The Tablet PC in 2014

via John Gruber. Timothy B. Lee, Vox:

Tablets aren’t PCs. Indeed, iPads and Android-based tablets have succeeded precisely because they ditched the complexity of traditional PCs. Microsoft’s determination to make “tablet PCs” is a sign that the company doesn’t understand the economic forces behind the mobile computing revolution.

Tablets can be PCs. To me, a tablet is just a form factor: a piece of glass with the guts behind it. The Surface Pro 3 is a good example: imagine it running Windows 7.

The economic forces behind the mobile computing revolution? I don’t think there’s a mobile computing revolution in the classic sense of the word computing. Post-PC devices like the iPad are mostly used for triaging emails and responding to some of them, browsing the internet, playing casual games, etc. And yes there are some who use it as a serious productivity tool, but the iPad is mostly a non-computing device in the traditional sense of the word computing; the Surface Pro 3 on the other hand is. You work on that 12-inch tablet PC.

You wouldn’t want to read a book on it. Nor would you want to play Candy Crush on it. You certainly don’t want to use it as a camera to take photos and share them on Instagram. What you do on the Surface Pro 3 is compute: word processing, creating/modifying Excel spreadsheets and PowerPoint presentations. (Again, yes you can do these things on the iPad, but it actually takes more work and effort than on the Surface Pro 3 with a keyboard and trackpad.)

Smartphones and tablets are a good example of what business guru Clay Christensen called a disruptive innovation: a technology that’s simpler and cheaper than the technology it replaces.

I don’t think smartphones and tablets (like the iPad) are replacing personal computer like the Mac. There are fringe usage scenarios where the iPad can and does replace a Mac, but most everyone I know who has an iPhone and/or an iPad also have a personal computer. Easy tasks such as text-only emailing is an example where an iPad can be used instead of a personal computer. Creating a complicated newsletter on the other hand is more easily done on a personal computer. The iPad can be used to make one, but it isn’t as easy or productive.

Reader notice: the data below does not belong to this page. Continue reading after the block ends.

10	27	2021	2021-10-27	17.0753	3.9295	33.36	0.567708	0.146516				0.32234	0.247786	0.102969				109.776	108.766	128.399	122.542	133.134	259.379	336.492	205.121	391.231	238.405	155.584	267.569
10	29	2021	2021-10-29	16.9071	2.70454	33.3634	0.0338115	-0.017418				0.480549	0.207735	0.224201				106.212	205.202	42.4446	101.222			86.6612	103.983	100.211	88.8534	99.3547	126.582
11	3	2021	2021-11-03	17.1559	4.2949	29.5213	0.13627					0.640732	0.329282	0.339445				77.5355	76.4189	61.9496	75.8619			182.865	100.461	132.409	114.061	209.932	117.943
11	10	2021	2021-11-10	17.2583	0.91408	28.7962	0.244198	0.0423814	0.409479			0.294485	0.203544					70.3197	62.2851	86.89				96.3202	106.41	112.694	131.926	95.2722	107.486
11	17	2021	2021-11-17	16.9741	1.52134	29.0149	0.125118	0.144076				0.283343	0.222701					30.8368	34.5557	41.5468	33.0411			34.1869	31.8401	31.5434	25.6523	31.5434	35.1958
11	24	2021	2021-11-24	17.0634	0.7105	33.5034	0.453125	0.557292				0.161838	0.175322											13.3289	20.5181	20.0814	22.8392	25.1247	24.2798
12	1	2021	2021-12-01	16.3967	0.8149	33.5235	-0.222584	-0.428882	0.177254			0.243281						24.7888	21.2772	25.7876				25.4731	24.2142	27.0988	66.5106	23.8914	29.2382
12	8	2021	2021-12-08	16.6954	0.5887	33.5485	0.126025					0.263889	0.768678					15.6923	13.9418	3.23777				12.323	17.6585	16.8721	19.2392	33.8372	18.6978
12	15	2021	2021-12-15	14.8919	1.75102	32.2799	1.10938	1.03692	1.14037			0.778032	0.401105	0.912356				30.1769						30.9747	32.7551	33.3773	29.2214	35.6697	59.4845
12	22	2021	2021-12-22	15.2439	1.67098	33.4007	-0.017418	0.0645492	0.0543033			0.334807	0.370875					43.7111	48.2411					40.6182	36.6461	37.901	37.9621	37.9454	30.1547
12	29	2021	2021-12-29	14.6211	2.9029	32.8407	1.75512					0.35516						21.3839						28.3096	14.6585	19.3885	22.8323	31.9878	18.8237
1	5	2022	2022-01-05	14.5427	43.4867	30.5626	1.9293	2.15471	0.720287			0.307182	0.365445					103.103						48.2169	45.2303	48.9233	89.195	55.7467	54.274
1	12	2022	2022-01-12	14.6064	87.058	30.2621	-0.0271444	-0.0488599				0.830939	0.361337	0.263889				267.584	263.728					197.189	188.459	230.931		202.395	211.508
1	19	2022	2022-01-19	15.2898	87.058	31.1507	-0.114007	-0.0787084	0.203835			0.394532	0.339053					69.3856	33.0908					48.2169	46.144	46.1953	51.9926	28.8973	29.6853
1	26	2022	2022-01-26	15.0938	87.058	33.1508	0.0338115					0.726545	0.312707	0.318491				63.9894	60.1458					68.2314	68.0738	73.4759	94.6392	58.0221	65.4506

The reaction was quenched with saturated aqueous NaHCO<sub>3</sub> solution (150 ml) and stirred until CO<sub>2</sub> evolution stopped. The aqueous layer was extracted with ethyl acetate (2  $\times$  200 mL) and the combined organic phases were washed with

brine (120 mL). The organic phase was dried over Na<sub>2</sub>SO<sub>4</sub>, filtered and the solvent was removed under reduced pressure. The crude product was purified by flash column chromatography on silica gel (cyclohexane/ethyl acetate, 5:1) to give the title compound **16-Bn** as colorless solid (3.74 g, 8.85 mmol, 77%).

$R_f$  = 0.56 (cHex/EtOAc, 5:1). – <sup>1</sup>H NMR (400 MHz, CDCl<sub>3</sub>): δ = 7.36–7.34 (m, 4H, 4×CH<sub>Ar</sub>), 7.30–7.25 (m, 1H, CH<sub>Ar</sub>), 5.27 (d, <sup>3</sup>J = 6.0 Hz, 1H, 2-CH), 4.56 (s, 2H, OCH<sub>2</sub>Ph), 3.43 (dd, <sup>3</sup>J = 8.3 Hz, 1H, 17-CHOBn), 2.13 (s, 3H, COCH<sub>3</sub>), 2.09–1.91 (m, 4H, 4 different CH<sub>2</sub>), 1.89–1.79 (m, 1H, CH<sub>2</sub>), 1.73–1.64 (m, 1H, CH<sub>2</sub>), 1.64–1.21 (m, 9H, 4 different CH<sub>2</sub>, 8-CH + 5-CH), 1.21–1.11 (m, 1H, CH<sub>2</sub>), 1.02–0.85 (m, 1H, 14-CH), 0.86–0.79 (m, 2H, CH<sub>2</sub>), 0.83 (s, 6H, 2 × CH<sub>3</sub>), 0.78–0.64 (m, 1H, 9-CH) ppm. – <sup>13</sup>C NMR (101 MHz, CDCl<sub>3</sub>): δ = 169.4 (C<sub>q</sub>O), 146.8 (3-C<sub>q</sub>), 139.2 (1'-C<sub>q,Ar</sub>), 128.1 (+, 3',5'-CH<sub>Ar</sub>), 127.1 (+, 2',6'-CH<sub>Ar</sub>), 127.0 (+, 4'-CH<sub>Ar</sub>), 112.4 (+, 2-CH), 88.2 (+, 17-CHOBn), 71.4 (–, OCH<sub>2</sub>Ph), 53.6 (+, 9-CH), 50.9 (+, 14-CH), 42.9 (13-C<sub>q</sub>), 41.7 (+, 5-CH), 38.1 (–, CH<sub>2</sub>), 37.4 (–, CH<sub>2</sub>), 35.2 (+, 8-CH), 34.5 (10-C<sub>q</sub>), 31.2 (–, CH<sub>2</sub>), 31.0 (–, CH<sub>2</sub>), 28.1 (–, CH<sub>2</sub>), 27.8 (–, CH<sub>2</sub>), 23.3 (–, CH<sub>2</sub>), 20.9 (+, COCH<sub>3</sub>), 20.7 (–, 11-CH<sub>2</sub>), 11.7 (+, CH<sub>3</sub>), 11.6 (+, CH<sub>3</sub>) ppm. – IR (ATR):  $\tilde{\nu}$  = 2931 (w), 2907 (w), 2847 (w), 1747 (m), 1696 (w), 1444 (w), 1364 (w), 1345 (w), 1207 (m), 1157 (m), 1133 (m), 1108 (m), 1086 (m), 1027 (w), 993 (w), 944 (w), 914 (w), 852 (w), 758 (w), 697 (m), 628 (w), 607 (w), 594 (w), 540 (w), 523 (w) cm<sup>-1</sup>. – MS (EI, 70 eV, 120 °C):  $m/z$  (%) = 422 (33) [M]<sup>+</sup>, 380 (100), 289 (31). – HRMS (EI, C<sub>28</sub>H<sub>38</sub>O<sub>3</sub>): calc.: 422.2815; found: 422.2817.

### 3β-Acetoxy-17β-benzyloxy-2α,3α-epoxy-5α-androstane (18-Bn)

In short, the iPad was a hit because it didn’t have all the features of a full-blown MacBook.

Again, I don’t know of anyone — maybe I just know the wrong people — who bought an iPad and said, “Time to ditch the Mac.” For quite some time I think we’ll own and use three broad categories of digital devices: personal computers, tablets, and smartphones.

Microsoft’s Surface tablets have a funny shape and muddled user interface that make them a poor alternative to a full-fledged PC.

A funny shape? Looks like the shape of an iPad to me. I agree the user interface can be much better: I would recommend Windows 7, which would reveal the fact that the Surface Pro 3 is in fact a real full-fledged PC.

And they’re too complex and expensive to be a serious alternative to an iPad or Android tablet.

The 64GB Surface Pro 3 starts at US$799. The 128GB WiFi iPad Air goes for $799. I don’t think the hardware specifications can be apples-to-apples compared, but to call the Surface Pro 3 too expensive? Consider how expensive a hypothetical 64GB 12-inch iPad would be.

Desktop operating systems have been too complex for quite some time. OS X doesn’t have to be; Windows was designed to be. There really is a need for a simpler experience on personal computers, but that need isn’t limited to just the Surface Pro 3. But why does a personal computer running a desktop operating system need to be a serious alternative to an iPad or an Android tablet? It doesn’t.